Climate Change and...

Annotated Bibliography

Global Climate

Tropical Storms and Hurricanes

M. A. Cane, A. C. Clement, A. Kaplan, Y. Kushnir, D. Pozdnyakov, R. Seager, S. E. Zebiak, R. Murtugudde (1997). Twentieth-century sea surface temperature trends. Science 275 (5302): 957-960

ABSTRACT: An analysis of historical sea surface temperatures provides evidence for global warming since 1900, in line with land-based analyses of global temperature trends, and also shows that over the same period, the eastern equatorial Pacific cooled and the zonal sea surface temperature gradient strengthened. Recent theoretical studies have predicted such a pattern as a response of the coupled ocean-atmosphere system to an exogenous heating of the tropical atmosphere. This pattern, however, is not reproduced by the complex ocean-atmosphere circulation models currently used to simulate the climatic response to increased greenhouse gases. Its presence is likely to lessen the mean 20th-century global temperature change in model simulations.

A. M. Carleton, D.A. Carpenter, P. J. Weser (1990). Mechanisms of interannual variability of the southwest United States summer rainfall maximum. Journal of Climate 3 (9): 999-1015

ABSTRACT: The mid-summer rainfall singularity of the Southwest United States (principally Arizona) exhibits marked variations on interannual and decadal time scales. Examination of the synoptic mechanisms involved in these variations is undertaken here. In particular, associations between the rainfall, the dominant latitude of the summertime mid-tropospheric subtropical ridge (STR) over the southwest United States, and the sea surface temperatures (SSTs) of the equatorial and North Pacific region are documented. The analysis utilizes a composite approach for sets of extreme years chosen on the basis of the rainfall and circulation anomalies.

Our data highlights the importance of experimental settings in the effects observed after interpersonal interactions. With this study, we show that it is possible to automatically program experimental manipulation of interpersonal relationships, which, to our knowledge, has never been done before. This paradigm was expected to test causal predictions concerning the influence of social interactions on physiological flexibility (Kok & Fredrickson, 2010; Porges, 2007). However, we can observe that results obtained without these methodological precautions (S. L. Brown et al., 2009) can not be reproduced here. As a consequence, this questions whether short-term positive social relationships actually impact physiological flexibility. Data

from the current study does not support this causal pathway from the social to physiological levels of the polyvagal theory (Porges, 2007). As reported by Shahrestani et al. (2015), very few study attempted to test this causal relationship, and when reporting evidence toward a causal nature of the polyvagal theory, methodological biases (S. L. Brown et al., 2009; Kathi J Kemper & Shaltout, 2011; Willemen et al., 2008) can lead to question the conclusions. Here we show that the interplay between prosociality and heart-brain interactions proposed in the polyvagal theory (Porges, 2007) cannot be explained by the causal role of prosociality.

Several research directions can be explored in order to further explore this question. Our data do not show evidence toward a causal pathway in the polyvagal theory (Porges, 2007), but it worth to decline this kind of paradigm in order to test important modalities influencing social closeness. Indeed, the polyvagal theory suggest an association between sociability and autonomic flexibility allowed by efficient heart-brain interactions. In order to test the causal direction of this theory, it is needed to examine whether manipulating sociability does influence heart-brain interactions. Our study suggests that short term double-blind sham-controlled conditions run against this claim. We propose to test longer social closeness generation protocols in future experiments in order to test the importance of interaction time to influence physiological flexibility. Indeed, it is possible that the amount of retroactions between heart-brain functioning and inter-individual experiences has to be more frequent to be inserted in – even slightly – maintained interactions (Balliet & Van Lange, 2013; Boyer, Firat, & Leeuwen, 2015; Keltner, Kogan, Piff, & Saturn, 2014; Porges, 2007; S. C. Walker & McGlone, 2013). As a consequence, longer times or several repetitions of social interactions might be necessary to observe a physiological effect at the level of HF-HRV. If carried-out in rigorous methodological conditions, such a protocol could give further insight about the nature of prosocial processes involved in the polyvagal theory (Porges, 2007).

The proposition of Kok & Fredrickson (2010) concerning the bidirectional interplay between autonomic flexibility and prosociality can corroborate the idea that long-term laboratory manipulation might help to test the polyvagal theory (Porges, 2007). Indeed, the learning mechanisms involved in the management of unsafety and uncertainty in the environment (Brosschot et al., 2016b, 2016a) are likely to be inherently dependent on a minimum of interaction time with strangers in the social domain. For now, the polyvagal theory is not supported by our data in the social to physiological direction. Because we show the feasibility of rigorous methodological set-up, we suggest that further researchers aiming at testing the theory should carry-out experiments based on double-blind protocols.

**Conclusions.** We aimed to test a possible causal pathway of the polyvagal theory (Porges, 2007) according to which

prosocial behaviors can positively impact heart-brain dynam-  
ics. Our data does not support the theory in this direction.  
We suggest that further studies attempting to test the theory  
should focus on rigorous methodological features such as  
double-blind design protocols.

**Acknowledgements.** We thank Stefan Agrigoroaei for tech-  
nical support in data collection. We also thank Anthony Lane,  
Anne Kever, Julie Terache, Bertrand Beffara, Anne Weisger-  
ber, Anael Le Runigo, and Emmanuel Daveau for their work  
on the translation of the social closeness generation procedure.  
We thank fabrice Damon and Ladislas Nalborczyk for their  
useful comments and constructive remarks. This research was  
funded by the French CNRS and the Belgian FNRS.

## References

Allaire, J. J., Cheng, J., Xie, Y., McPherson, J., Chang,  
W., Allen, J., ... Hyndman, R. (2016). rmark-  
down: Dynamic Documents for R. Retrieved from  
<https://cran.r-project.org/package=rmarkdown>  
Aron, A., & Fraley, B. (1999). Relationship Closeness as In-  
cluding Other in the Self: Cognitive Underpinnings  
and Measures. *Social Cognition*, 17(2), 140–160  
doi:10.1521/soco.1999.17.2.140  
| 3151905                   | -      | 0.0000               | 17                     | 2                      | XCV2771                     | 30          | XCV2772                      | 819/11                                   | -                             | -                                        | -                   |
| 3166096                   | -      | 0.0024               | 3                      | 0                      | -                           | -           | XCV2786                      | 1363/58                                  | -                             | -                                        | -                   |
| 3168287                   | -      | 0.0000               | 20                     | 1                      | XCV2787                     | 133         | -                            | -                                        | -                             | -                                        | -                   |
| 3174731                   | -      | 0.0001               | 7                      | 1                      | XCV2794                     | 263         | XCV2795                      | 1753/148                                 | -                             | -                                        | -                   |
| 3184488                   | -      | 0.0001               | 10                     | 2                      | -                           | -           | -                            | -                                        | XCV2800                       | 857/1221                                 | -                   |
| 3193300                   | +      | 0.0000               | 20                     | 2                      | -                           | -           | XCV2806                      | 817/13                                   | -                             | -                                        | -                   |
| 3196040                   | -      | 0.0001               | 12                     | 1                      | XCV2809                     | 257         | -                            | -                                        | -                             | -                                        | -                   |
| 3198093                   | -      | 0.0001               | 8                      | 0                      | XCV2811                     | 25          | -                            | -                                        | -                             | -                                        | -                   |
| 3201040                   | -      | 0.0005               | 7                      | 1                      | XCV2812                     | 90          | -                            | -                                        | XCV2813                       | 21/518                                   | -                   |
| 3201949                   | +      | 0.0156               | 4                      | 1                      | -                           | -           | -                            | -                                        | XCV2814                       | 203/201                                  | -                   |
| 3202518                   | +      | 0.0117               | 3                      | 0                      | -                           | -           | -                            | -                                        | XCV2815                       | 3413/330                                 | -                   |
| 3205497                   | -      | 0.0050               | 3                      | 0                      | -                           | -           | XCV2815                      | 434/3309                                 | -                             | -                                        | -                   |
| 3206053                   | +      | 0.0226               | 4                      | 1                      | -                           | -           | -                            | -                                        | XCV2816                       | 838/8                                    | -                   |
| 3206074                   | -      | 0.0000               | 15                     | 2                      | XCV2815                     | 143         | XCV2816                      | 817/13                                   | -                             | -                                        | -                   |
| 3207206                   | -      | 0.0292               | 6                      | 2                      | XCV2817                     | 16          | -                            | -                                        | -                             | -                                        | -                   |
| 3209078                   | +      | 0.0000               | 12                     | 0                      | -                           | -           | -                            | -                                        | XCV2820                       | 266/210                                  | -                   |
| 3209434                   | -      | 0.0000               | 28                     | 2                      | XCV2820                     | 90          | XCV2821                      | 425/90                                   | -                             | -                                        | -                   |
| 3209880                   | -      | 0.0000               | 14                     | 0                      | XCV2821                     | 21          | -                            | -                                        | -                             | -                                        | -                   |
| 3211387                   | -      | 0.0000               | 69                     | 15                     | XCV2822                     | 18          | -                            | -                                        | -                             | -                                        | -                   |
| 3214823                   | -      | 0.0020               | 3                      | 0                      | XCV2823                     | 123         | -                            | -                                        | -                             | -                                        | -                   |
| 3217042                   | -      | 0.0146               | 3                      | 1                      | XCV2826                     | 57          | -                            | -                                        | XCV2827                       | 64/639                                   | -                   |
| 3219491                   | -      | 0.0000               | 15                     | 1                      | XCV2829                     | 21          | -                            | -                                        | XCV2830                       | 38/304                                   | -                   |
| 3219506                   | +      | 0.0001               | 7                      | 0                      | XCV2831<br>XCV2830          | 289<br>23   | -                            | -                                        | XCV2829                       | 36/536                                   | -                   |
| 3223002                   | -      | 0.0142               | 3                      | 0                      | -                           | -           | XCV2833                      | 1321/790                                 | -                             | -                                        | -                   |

It is found that northward (southward) displaced seasonal STR is associated with wetter (drier) summers in Arizona. Further, these extremes have tended to follow winters characterized by positive (negative) phases of the Pacific-North America (PNA) teleconnection pattern. The latter association arises, at least in part from the “memory” imparted to the atmosphere by the accompanying anomalies of Pacific SSTs. However, during the summer season, more localized anomalies of SST appear important for Arizona rainfall variations. In wet (but not dry) summers, an enhanced longitudinal gradient of SST exists between the west coast of the United States, Baja California, and the Gulf of California. This is accompanied by a steeper gradient of lower tropospheric heights (and implied stronger geostrophic flow) and also a reversal in both the total (850–500 mb) and partial (850–700 mb) thickness gradients across the region compared with dry summers. These results seem to confirm the importance of lower-level southwesterly flow for moisture transport into the deserts.

Recent decadal variations in the singularity involve particularly runs of wetter (drier) summers in the 1950s (1970s). Preliminary analysis of these variations for years that were non-ENSO suggests that they may result from the operation of mechanisms similar to those attending the interannual variability of Arizona summer rainfall (viz., the STR and Pacific SSTs). A contributory mechanism in the longer-term trend of STR between these decades appears to be a change in the tropical–extratropical gradient of Pacific SSTs during the summer and antecedent spring. The gradient evidently strengthened during the period, helping to explain the shift to more frequent southward displacements of STR over the Southwest and, accordingly, reduced summer rainfall in Arizona.

A. C. Clement, M. A. Cane, R. Seager (2001). An orbitally driven tropical source for abrupt climate change. Journal of Climate 14 (11): 2369-2375

ABSTRACT: Paleoclimatic data are increasingly showing that abrupt change is present in wide regions of the globe. Here a mechanism for abrupt climate change with global implications is presented. Results from a tropical coupled ocean–atmosphere model show that, under certain orbital configurations of the past, variability associated with El Niño–Southern Oscillation (ENSO) physics can abruptly lock to the seasonal cycle for several centuries, producing a mean sea surface temperature (SST) change in the tropical Pacific that resembles a La Niña. It is suggested that this change in SST would have a global impact and that abrupt events such as the Younger Dryas may be the outcome of orbitally driven changes in the tropical Pacific.

Cortese, G., A. Abelmann, R. Gersonde (2007). The last five glacial-interglacial transitions: A high-resolution 450,000-year record from the subantarctic Atlantic. Paleoceanography 22 (PA4203): doi:10.1029/2007PA001457